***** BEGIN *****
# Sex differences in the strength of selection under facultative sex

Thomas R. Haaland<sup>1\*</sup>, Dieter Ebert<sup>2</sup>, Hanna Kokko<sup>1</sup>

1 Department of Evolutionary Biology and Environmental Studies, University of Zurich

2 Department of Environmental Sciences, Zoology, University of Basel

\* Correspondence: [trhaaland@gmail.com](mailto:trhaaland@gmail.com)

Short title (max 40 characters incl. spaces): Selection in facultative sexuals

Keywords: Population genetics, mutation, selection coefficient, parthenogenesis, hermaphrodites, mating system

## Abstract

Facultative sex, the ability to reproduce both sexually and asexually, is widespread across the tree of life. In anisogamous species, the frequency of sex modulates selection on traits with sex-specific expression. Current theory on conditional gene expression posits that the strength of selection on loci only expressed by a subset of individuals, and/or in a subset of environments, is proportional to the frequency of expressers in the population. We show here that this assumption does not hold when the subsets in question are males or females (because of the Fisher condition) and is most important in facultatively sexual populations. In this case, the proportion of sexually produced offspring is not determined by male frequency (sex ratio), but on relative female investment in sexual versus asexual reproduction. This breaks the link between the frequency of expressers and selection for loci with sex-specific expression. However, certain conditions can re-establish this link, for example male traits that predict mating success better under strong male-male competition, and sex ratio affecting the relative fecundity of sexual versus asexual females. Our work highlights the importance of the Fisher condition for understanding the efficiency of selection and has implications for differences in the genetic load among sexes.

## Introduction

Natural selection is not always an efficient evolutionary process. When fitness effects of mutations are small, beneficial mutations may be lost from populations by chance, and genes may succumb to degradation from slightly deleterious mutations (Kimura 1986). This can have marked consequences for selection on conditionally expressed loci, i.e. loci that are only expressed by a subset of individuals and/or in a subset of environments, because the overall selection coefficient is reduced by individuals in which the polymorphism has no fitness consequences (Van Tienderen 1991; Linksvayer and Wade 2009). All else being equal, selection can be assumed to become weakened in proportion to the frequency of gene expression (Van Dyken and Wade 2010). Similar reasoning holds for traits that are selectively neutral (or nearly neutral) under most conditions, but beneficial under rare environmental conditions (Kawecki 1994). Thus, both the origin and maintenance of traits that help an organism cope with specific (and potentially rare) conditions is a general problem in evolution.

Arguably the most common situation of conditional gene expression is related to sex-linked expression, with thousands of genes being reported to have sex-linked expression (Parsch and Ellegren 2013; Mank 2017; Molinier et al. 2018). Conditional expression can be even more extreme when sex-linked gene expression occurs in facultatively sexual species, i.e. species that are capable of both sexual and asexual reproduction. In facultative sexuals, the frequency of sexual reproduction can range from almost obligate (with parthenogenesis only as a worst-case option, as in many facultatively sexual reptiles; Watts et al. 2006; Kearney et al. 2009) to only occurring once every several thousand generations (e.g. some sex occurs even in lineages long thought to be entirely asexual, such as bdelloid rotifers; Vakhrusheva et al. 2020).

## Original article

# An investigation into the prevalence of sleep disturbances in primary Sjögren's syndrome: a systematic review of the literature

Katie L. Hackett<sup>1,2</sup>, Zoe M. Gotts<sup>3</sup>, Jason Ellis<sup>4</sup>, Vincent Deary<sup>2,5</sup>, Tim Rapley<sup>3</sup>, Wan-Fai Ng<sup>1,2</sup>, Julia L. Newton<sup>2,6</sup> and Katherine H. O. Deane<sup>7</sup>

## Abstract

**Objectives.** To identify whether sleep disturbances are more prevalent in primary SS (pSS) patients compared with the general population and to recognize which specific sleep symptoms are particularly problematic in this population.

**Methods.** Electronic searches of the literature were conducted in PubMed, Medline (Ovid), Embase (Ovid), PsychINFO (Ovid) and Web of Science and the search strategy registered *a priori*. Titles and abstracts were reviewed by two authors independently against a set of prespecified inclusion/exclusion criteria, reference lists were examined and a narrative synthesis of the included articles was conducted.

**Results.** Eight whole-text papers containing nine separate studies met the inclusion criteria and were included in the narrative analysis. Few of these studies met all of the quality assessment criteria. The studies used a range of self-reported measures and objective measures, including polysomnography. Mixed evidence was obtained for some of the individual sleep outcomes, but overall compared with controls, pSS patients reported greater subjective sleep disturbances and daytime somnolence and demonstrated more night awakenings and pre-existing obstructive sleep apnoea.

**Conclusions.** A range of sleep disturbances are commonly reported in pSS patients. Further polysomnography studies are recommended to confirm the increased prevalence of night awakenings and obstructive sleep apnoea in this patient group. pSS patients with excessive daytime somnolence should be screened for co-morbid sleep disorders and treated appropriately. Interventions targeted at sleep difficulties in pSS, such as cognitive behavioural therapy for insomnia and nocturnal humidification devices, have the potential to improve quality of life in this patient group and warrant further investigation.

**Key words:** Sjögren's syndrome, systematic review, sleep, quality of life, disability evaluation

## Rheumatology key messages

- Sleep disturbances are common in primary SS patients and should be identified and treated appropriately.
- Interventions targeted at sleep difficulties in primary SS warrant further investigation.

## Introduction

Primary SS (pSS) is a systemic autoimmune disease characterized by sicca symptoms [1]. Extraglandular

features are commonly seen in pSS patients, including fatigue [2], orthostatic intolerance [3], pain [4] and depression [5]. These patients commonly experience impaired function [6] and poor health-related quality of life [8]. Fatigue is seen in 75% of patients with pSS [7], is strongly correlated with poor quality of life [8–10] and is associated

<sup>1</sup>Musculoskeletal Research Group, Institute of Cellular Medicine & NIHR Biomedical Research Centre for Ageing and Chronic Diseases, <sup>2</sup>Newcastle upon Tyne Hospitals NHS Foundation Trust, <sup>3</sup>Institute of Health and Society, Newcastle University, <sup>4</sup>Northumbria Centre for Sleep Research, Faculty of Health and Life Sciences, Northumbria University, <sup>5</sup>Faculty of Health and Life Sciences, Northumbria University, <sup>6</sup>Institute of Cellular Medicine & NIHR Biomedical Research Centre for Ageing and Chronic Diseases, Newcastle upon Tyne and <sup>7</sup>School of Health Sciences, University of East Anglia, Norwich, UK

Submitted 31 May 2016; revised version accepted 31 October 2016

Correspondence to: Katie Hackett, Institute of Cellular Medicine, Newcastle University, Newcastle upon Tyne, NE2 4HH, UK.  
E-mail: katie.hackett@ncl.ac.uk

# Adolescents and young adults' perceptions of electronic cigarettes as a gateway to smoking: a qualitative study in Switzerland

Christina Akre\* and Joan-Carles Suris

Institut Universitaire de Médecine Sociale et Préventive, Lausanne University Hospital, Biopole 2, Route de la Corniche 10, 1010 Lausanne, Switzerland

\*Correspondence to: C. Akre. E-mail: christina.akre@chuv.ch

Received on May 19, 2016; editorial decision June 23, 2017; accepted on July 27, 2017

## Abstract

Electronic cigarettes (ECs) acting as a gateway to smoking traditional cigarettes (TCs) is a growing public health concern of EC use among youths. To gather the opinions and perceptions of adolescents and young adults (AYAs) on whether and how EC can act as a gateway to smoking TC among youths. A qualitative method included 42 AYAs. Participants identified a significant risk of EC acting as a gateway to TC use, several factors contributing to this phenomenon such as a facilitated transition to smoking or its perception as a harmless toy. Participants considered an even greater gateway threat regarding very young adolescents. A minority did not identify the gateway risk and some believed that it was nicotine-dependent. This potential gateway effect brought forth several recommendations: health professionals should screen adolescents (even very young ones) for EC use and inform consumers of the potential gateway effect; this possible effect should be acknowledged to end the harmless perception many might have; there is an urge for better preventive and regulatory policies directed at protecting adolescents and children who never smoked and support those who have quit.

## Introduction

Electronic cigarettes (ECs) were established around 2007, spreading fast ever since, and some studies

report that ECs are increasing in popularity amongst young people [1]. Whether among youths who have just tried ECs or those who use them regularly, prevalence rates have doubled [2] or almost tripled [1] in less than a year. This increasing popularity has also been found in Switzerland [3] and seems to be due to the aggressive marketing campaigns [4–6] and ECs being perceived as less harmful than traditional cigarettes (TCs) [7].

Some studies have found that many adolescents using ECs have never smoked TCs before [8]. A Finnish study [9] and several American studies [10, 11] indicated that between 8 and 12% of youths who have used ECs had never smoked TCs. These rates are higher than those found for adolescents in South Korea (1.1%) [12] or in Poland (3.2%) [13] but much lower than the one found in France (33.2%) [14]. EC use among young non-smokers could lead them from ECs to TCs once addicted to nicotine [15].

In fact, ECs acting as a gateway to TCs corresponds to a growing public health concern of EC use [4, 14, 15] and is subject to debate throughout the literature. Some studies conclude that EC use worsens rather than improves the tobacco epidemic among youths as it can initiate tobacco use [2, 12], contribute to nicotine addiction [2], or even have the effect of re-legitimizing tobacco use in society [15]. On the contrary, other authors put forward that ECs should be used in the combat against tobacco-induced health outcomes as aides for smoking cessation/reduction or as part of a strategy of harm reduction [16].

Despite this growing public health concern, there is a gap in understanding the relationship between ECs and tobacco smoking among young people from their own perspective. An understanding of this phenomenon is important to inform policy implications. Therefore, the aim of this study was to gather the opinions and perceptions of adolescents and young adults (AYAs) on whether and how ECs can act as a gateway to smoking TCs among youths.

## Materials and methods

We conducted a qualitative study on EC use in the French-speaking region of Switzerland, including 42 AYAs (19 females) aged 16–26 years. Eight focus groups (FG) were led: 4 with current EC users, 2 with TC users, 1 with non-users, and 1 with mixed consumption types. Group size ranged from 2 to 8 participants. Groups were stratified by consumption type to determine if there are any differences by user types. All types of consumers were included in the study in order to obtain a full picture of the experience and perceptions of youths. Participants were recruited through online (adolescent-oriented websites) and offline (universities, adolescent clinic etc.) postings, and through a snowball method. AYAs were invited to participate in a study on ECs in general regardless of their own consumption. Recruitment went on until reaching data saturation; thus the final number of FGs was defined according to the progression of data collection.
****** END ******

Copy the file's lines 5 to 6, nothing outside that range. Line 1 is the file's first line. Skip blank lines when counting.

\* Correspondence: [trhaaland@gmail.com](mailto:trhaaland@gmail.com)

Short title (max 40 characters incl. spaces): Selection in facultative sexuals